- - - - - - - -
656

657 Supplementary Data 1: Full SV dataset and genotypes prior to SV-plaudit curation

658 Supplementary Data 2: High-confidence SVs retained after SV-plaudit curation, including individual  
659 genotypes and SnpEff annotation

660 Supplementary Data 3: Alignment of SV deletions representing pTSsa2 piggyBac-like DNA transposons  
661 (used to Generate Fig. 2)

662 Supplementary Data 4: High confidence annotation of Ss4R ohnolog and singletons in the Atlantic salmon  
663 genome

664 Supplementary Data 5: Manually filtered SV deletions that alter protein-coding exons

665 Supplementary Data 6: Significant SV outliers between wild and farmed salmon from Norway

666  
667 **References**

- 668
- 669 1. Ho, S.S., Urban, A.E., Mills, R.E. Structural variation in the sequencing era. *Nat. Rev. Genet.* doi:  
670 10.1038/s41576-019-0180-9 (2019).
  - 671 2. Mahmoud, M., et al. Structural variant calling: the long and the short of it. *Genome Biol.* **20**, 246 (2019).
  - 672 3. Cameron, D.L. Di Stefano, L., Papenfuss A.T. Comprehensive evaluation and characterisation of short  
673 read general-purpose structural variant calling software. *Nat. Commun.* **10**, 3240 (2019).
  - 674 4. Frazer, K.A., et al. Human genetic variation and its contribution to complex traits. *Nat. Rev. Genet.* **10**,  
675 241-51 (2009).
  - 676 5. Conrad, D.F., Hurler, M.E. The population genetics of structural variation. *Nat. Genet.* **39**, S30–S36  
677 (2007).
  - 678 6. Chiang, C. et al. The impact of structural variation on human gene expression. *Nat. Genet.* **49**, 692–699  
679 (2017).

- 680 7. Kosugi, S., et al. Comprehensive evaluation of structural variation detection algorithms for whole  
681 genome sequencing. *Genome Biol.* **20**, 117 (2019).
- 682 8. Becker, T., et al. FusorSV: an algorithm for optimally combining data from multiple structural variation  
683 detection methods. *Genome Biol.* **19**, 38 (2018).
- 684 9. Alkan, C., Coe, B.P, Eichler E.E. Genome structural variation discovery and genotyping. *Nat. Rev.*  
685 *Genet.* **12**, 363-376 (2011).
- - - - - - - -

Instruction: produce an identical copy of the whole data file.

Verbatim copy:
656

657 Supplementary Data 1: Full SV dataset and genotypes prior to SV-plaudit curation

658 Supplementary Data 2: High-confidence SVs retained after SV-plaudit curation, including individual  
659 genotypes and SnpEff annotation

660 Supplementary Data 3: Alignment of SV deletions representing pTSsa2 piggyBac-like DNA transposons  
661 (used to Generate Fig. 2)

662 Supplementary Data 4: High confidence annotation of Ss4R ohnolog and singletons in the Atlantic salmon  
663 genome

664 Supplementary Data 5: Manually filtered SV deletions that alter protein-coding exons

665 Supplementary Data 6: Significant SV outliers between wild and farmed salmon from Norway

666  
667 **References**

- 668
- 669 1. Ho, S.S., Urban, A.E., Mills, R.E. Structural variation in the sequencing era. *Nat. Rev. Genet.* doi:  
670 10.1038/s41576-019-0180-9 (2019).
  - 671 2. Mahmoud, M., et al. Structural variant calling: the long and the short of it. *Genome Biol.* **20**, 246 (2019).
  - 672 3. Cameron, D.L. Di Stefano, L., Papenfuss A.T. Comprehensive evaluation and characterisation of short  
673 read general-purpose structural variant calling software. *Nat. Commun.* **10**, 3240 (2019).
  - 674 4. Frazer, K.A., et al. Human genetic variation and its contribution to complex traits. *Nat. Rev. Genet.* **10**,  
675 241-51 (2009).
  - 676 5. Conrad, D.F., Hurler, M.E. The population genetics of structural variation. *Nat. Genet.* **39**, S30–S36  
677 (2007).
  - 678 6. Chiang, C. et al. The impact of structural variation on human gene expression. *Nat. Genet.* **49**, 692–699  
679 (2017).

- 680 7. Kosugi, S., et al. Comprehensive evaluation of structural variation detection algorithms for whole  
681 genome sequencing. *Genome Biol.* **20**, 117 (2019).
- 682 8. Becker, T., et al. FusorSV: an algorithm for optimally combining data from multiple structural variation  
683 detection methods. *Genome Biol.* **19**, 38 (2018).
- 684 9. Alkan, C., Coe, B.P, Eichler E.E. Genome structural variation discovery and genotyping. *Nat. Rev.*  
685 *Genet.* **12**, 363-376 (2011).